I've been struggling for a while trying to solve this problem:

Show that the following problem is in $\mathbf{NP}$:

Check that a system of linear equations with $m$ integer variables and integer coefficients has no solution.

Let $L = \{\langle A, b \rangle\ |\ A \in \mathbb{Z}^m\times\mathbb{Z}^m\text{ and }Ax = b\text{ has no solution for }x \in \mathbb{Z}^{m} \}$

(please, feel free to correct if anywhere I'm wrong)

For showing that a language is in $\mathbf{NP}$ we have to construct a Turing Machine, indicating what we have chosen as certificate. If the TM is nondeterministic, then nondeterministically we pick a certificate and check the condition. If it is deterministic, we pass the certificate as one of the parameters (of the two parameters TM. The other parameter is, in this case, the pair $\langle A, b \rangle$).

I'm having trouble trying to choose the appropriate certificate.

My approaches:

1) Certificate: a vector $x \in \mathbb{Z}^{m}$, such that doesn't solve $Ax = b$. Issue: We would have to try every possible $x$ to show that $\nexists$ such vector for which solution may exist...

2) Certificate: Rank of $A$. if the $\mathrm{rank} A \neq m$, then the system has no solution and we $Accept$. Issue: doesn't necessarily mean that $x \in \mathbb{Z}^{m}$.

3) Consider $\overline{L} = \{\langle A, b \rangle\ |\ A \in \mathbb{Z}\times\mathbb{Z}\text{ and }Ax = b\text{ has a solution for }x \in \mathbb{Z}^{m} \}$.

Showing that the system has a solution seems easier than showing that there is no one. I guess the certificate has to be a vector $x \in \mathbb{Z}^{m}$, for which the $Ax = b$ is satisfied. Then, if I'm not mistaking, constructing a polynomial-time deterministic TM for $\overline{L}$ is straight forward. The thing is that this will show that $\overline{L} \in \mathbf{NP}$. This implies that $L \in$ co-$\mathbf{NP}$.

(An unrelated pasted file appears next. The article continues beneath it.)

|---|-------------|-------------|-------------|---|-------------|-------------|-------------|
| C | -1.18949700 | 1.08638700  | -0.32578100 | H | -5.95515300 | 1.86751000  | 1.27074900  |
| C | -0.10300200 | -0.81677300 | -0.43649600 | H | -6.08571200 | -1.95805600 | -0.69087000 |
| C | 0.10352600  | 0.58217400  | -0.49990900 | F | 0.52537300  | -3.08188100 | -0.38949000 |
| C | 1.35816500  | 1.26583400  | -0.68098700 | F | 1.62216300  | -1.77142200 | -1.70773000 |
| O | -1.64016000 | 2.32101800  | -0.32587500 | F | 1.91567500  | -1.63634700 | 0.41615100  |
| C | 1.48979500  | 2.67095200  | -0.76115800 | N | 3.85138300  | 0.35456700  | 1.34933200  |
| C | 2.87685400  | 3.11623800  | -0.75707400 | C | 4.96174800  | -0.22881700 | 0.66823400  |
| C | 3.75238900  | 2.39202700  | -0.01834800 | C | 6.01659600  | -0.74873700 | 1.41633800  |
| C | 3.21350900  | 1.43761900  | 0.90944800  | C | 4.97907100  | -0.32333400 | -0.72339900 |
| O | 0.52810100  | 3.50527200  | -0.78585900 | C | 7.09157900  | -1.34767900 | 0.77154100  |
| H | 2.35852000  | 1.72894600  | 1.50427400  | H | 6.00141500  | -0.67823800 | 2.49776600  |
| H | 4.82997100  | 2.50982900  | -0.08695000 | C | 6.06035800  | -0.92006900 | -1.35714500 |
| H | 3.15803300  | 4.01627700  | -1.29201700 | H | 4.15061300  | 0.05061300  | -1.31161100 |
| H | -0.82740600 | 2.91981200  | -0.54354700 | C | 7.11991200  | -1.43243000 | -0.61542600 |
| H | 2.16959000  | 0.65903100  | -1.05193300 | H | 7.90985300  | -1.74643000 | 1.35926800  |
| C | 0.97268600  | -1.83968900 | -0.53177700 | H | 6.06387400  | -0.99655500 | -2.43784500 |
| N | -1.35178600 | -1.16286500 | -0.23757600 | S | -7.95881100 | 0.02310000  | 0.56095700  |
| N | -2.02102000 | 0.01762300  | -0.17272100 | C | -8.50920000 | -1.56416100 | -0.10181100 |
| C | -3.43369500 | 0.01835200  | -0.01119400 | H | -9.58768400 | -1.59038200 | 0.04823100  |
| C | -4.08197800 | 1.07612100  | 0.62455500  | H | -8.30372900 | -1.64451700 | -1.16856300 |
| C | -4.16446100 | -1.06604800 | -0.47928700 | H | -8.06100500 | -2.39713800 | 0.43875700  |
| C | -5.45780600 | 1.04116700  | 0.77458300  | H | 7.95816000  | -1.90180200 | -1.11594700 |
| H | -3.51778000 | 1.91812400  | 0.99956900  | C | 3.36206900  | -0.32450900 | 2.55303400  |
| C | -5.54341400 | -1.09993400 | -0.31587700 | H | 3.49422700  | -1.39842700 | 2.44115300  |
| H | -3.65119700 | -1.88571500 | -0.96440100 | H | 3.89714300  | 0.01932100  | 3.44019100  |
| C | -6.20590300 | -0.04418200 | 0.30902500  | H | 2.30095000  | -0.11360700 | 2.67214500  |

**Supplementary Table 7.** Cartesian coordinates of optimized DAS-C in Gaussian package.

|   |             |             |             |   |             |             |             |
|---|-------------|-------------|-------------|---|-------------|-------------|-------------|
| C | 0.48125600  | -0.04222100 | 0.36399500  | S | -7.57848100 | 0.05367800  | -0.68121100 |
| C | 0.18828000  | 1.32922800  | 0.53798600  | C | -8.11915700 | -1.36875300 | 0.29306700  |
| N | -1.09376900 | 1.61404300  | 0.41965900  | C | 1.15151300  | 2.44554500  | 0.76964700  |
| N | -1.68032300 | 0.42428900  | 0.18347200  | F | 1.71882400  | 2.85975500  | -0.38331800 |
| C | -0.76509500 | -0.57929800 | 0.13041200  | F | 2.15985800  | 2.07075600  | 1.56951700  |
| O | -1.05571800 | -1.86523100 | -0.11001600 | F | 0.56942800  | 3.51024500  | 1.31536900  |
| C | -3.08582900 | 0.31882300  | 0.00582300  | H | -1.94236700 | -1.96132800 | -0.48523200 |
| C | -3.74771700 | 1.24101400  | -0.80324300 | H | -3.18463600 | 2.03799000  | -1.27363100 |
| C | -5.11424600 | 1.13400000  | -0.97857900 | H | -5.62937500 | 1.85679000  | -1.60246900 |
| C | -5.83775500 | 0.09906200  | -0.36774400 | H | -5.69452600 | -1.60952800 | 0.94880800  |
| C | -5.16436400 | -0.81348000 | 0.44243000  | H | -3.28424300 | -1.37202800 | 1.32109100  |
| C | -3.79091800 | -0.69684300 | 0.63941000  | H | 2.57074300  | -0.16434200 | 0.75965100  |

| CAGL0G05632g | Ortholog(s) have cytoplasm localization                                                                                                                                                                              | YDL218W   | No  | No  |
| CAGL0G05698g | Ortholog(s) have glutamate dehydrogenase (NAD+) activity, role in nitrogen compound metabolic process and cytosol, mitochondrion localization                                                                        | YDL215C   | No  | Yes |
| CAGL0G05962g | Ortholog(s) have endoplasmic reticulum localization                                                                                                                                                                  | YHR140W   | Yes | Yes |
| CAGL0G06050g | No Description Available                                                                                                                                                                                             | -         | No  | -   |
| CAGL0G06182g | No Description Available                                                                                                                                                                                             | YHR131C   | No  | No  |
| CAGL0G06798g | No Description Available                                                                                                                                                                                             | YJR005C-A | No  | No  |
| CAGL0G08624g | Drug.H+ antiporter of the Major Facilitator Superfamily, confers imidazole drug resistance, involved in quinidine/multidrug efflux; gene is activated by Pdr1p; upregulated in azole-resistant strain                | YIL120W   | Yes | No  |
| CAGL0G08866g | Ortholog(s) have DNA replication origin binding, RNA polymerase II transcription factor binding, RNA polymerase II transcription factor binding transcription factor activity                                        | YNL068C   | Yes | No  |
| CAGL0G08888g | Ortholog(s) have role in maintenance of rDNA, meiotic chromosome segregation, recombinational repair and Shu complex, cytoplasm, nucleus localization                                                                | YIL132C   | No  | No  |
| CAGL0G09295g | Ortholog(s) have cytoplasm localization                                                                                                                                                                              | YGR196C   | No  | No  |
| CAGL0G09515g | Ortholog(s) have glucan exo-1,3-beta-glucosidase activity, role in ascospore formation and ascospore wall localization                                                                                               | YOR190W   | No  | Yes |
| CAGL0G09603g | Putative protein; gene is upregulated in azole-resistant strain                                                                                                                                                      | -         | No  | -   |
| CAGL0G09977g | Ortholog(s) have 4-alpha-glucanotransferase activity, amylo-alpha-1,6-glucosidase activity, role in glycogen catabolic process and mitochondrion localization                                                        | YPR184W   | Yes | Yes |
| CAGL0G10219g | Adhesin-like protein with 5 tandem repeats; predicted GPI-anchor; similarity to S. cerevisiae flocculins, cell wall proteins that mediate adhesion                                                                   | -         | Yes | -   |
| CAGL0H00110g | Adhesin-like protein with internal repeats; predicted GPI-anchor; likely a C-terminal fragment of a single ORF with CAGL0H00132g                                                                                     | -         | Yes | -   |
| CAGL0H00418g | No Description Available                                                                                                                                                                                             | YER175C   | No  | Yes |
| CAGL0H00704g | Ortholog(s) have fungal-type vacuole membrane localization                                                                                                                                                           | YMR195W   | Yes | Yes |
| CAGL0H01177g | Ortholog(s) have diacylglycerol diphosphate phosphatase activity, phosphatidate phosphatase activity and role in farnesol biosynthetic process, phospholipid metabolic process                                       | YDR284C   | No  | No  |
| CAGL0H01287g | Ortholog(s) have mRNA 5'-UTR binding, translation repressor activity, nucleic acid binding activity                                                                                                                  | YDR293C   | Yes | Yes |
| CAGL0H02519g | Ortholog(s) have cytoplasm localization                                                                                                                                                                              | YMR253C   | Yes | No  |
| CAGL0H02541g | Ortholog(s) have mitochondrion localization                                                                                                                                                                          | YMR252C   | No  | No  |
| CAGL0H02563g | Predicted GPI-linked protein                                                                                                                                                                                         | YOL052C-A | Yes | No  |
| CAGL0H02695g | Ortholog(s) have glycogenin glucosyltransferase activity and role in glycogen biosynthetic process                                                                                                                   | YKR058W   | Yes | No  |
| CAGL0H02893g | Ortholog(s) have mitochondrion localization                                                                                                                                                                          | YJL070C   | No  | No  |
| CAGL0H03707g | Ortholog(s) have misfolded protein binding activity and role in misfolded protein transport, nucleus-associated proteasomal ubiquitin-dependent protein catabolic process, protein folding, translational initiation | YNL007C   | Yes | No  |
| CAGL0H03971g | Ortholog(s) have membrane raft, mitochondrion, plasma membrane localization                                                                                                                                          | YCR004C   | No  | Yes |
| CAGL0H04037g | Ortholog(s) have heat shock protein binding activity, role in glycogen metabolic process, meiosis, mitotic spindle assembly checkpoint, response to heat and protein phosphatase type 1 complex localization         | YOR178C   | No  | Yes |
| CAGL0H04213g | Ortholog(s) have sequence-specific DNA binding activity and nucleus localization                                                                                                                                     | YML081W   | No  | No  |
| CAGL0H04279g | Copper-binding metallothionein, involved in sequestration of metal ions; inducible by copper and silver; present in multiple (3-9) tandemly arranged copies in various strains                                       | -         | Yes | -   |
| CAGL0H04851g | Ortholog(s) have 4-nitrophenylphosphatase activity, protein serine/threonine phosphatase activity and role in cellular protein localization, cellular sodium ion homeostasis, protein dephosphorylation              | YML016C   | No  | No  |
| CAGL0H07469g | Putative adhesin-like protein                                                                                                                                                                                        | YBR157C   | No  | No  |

So showing that $L \in \mathbf{NP}$ would be equivalent to showing that co-$\mathbf{NP} = \mathbf{NP}$??


1 Answer 1


There is a polynomial time algorithm that determines whether a system of linear equations over the integers has a solution. The algorithm uses Hermite normal form, which can be computed in polynomial time. See lecture notes of Swastik Kopparty: Hermite normal form and finding integer solutions.

Your proof that your problem is in coNP is incomplete, since you haven't shown that the witness has polynomial size. Assuming you did manage to show it, all this implies is that the problem is in coNP, not that it is coNP-hard. There's absolutely no issue for a problem to be in both NP and coNP. Indeed, every problem in P is also in NP and coNP. If you can put a problem in both NP and coNP, then this suggests that it might actually be in P, though it is conjectured that $\mathsf{P} \subsetneq \mathsf{NP} \cap \mathsf{coNP}$. One problem which might lie in the middle is (a decision version of) integer factorization.


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